Determinism is defeated again!
When we talk about determinism, there are some things that people say that don’t make much sense but are hard to understand. After a while, you start to get the idea that people operate under a strange mental model which leads to incorrect reasoning about determinism.
From what I can tell, there is this notion that determinism is an actual thing that can be defeated or broken if you “go against it.” They seem to think that determinism is something external to the individual that controls them and that they can challenge it for supremacy over their “choices.” They think determinism literally is Jasmine from the show Angel and that we could fight against her in some way. In short, they confuse the metaphor for the reality.
Determinism is not an actual thing that you can defeat, break, challenge, fight or trick. It’s a way to modelize reality. The same is true of free will. We do imagine free will as being a soul or a spark or some other concrete thing, but all that the term “free will” actually means is that we can make choices (that if you turned back the clock, you could end up doing something different). And all that “determinism” means is that you really can’t.
What we’re basically arguing about is what it means for a human being to do something. But the action exists whether you agree or disagree on what it means. The issue of meaning supervenes upon the issue of what is actually happening. The concept of choice is a superfluous, cancerous growth which sprouted off of our language. There really is no actual thing called a “choice,” whether you believe it exists or not: at best, it is only an interpretation of reality.
Just to be clear, I am not saying here that the determinism/free will issue is not important. Exposing the fallacies of free will proponents and demanding that society be structured in accordance with deterministic principles is very important (and will probably be one of the greatest human rights issues of the 21st century). But it’s important to keep in mind the level at which this debate is taking place, so people stop thinking determinism or free will are something more than just models of reality. Likewise, atheism and anarchism are just models of reality, but they are still important to the individual.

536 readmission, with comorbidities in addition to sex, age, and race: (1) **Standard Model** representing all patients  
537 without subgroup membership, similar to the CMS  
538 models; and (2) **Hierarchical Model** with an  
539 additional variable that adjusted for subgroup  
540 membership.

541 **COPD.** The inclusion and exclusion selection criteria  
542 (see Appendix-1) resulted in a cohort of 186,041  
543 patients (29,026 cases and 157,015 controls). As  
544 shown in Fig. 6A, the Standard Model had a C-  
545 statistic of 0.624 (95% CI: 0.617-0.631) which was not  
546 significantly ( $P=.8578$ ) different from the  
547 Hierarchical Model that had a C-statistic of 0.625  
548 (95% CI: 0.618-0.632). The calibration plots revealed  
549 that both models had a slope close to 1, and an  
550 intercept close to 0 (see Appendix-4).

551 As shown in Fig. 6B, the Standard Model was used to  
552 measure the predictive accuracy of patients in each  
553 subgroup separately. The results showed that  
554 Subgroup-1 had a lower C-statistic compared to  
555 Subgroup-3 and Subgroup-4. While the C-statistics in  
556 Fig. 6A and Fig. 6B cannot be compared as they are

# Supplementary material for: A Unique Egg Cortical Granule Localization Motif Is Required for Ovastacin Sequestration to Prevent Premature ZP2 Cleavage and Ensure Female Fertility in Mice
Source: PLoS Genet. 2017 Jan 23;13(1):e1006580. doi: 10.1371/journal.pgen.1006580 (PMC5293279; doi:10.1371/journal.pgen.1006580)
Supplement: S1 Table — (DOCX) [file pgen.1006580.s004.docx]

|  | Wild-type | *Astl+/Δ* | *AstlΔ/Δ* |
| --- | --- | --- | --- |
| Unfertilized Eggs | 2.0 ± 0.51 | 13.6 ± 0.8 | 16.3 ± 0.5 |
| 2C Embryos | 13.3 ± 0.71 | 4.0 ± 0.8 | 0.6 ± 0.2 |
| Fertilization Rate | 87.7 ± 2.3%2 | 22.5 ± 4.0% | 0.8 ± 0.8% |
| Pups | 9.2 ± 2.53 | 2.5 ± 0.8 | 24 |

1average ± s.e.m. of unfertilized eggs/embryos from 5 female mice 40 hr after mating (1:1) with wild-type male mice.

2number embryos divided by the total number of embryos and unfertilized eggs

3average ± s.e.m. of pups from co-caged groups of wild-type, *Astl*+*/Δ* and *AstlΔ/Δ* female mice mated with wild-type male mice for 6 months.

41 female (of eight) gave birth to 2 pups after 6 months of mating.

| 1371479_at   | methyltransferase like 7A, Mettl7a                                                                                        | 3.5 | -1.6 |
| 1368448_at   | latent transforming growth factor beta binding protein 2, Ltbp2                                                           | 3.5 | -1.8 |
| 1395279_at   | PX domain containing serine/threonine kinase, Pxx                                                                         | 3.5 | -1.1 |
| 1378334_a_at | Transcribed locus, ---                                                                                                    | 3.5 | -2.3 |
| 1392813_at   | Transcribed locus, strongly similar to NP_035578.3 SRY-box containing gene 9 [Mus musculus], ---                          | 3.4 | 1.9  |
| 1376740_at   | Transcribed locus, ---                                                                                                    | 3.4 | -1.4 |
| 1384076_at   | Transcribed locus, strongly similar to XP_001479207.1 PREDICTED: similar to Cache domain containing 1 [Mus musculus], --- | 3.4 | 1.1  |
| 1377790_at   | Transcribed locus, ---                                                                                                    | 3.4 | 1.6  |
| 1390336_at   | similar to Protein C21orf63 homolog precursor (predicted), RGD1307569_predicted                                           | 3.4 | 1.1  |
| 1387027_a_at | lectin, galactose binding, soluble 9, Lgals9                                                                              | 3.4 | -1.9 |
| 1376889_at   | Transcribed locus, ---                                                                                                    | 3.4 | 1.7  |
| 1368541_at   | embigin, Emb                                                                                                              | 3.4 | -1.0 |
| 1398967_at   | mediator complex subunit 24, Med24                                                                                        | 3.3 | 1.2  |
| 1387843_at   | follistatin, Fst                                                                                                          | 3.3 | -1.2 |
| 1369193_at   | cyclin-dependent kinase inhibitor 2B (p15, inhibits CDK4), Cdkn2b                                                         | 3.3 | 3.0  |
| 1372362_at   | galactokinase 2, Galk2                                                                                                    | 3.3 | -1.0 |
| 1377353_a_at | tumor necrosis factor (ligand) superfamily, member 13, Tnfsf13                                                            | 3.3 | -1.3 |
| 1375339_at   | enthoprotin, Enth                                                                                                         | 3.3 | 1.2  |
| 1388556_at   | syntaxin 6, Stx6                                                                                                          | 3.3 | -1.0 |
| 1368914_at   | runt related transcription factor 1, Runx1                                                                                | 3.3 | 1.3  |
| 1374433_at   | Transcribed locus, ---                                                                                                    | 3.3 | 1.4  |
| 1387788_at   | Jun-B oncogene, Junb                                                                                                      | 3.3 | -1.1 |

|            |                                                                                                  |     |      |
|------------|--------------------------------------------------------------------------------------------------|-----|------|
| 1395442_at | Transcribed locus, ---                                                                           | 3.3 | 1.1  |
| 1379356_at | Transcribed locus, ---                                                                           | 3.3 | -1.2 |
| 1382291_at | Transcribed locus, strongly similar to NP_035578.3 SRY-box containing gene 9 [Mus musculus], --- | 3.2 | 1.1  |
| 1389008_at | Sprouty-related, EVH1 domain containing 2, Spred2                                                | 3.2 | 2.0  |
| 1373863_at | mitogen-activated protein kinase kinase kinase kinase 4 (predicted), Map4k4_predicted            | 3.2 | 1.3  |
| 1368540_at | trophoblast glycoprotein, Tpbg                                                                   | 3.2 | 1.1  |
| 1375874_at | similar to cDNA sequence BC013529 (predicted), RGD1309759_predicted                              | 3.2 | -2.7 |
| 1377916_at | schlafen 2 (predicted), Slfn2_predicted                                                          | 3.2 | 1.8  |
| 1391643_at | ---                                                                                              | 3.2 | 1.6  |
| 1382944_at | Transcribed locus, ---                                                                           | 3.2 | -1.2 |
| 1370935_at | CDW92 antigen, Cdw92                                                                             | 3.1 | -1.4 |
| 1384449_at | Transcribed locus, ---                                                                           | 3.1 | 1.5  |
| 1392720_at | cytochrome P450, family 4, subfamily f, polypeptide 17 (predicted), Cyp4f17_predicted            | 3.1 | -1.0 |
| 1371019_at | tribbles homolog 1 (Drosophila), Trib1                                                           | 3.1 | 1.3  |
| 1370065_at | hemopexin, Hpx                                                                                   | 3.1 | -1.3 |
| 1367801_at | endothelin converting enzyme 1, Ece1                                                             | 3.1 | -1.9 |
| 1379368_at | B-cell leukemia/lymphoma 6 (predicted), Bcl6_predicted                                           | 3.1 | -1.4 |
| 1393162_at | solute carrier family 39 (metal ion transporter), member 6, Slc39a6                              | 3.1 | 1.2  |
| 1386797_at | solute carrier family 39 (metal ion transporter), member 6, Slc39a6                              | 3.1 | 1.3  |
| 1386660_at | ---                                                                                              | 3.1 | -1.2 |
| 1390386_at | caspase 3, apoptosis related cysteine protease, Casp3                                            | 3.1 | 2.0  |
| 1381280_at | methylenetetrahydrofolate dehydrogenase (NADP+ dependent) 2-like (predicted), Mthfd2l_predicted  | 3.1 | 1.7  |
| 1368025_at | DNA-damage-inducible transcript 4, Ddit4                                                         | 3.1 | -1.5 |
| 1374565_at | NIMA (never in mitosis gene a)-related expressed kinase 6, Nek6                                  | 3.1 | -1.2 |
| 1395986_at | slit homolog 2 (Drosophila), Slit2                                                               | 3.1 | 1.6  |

There is a common misconception that determinism is defined by being predictive. This leads both to the belief that determinism cannot be true if you can’t predict the future, and to the belief that you can “beat” determinism by refusing to follow the prediction. But determinism has nothing to do with predictions, except to imply as a corollary that they are not logically impossible.
Again, determinism and free will are not about what our actions will be but about what our actions mean. Determinism does imply that human exceptionalism is delusional, that blame is invalid, that revenge is pointless, that inequality and punishment are unjust. But it does not imply that we can predict, or even that our level of technology will ever be sufficient to do so (especially given the feedback loop problem). Determinism and free will are mental models of reality which are true or false regardless of the possibility of prediction. Indeed, any apparatus used to predict the future would itself exist within the framework of determinism or free will.
There is no way to “trick” determinism by “choosing” to do something else, because determinism does not have a “predicted future.” There is no way to “choose” something you won’t “choose.” Just to express this is to demonstrate why it is fallacious. Events unfold according to causal laws, and you can’t “break” causality.